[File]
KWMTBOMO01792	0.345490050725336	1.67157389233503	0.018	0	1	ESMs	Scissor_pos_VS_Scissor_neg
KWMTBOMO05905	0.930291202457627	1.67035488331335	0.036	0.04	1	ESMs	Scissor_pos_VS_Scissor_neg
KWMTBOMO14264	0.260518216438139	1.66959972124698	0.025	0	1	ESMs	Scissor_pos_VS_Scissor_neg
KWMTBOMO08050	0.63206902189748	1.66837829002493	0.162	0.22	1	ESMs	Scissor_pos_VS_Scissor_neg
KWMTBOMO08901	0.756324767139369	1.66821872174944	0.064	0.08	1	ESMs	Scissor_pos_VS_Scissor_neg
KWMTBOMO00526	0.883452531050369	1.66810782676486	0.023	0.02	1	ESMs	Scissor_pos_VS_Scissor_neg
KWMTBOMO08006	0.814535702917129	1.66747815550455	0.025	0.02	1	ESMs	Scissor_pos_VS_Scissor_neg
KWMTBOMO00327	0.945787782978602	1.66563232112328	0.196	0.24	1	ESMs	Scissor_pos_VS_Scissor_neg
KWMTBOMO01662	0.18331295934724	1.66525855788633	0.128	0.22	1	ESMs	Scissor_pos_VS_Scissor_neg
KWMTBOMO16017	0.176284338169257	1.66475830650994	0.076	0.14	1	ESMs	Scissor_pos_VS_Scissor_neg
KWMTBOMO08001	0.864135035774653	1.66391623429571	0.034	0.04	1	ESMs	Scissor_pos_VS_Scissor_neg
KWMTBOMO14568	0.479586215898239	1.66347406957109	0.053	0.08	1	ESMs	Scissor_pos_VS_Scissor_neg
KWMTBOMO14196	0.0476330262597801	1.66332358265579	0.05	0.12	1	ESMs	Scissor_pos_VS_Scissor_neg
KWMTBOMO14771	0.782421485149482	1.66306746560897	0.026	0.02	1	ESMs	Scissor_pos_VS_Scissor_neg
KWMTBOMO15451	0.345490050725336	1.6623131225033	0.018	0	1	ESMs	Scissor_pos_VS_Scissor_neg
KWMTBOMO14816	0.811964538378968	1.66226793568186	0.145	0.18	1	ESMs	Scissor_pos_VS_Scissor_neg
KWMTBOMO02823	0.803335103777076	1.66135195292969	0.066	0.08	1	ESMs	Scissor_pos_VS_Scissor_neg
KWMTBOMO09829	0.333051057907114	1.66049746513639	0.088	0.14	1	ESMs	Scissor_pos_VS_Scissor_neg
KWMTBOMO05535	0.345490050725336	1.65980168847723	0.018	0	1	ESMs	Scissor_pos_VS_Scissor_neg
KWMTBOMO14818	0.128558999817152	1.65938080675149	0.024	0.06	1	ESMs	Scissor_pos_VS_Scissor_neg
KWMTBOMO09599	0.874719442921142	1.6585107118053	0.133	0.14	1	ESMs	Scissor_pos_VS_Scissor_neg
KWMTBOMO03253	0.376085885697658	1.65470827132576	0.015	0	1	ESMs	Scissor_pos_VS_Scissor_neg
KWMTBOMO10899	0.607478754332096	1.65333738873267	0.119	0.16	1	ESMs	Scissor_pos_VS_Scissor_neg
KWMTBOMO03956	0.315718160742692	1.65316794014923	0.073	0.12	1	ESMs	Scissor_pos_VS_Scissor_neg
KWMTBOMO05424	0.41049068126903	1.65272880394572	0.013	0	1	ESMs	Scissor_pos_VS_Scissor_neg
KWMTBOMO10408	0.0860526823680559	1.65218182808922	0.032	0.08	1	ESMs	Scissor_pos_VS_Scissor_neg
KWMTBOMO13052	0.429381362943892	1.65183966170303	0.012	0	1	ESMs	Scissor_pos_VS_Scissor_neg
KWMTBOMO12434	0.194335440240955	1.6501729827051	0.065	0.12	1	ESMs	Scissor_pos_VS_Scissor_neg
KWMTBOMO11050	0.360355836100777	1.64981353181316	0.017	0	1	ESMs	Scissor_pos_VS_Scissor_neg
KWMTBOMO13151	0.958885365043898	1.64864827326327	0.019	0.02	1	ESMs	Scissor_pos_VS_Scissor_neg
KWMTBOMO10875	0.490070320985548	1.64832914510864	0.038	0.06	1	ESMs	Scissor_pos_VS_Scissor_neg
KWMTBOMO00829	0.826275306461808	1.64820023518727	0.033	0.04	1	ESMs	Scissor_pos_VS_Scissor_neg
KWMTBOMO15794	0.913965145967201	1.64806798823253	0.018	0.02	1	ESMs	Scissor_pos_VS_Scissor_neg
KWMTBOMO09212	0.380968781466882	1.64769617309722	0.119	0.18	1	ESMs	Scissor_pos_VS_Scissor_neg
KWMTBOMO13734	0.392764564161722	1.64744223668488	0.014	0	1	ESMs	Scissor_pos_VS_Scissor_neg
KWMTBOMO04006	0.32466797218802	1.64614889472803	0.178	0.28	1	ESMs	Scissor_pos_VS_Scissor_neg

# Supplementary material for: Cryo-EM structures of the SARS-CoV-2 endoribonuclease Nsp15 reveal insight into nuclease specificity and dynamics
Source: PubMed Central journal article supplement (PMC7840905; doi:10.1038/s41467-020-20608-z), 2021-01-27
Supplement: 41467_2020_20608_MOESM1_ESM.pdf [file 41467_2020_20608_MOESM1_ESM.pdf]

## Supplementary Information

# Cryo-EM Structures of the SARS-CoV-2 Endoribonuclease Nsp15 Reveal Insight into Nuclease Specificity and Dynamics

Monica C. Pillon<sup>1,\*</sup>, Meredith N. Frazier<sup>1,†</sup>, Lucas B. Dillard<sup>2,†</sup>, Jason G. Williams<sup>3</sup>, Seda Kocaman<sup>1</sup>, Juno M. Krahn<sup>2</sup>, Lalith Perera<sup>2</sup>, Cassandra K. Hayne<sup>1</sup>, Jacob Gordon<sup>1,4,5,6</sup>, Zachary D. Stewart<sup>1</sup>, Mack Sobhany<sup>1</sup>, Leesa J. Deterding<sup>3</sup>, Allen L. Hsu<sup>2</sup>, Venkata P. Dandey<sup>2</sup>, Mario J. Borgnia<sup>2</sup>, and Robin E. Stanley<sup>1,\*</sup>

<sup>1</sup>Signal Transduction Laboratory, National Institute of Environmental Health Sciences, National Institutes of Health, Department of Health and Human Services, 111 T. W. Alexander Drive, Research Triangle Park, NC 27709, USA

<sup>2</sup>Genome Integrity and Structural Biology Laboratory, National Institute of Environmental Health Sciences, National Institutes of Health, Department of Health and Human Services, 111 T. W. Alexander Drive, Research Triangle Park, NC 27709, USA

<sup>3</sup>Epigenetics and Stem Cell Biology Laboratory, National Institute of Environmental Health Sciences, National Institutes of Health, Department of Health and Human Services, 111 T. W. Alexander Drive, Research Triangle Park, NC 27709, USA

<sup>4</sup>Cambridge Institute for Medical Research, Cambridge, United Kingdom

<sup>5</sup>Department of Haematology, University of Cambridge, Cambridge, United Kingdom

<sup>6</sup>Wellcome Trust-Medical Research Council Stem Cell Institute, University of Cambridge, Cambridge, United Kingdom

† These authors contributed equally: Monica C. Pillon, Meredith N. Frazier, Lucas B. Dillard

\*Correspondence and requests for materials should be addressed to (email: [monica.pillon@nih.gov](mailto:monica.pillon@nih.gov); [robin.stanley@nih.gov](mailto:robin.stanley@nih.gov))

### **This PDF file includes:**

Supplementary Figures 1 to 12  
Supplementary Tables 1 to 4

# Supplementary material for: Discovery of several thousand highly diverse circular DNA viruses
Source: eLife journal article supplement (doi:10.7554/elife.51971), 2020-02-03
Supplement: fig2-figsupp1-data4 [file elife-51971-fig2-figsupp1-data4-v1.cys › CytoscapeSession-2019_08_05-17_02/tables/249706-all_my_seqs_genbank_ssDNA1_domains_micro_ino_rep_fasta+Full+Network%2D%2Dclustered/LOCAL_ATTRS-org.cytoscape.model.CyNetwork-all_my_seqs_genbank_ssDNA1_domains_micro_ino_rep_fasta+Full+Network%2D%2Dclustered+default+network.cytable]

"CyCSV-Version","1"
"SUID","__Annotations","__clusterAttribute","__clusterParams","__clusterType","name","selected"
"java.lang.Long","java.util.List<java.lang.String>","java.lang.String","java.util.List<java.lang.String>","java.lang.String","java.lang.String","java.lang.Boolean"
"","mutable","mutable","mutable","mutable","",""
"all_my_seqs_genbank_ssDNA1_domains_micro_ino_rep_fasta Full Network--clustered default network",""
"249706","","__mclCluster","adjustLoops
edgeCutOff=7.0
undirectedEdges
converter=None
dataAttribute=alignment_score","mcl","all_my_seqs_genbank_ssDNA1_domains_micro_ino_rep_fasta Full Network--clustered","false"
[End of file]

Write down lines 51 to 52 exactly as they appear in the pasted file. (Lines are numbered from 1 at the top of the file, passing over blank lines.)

### **This PDF file includes:**

Supplementary Figures 1 to 12  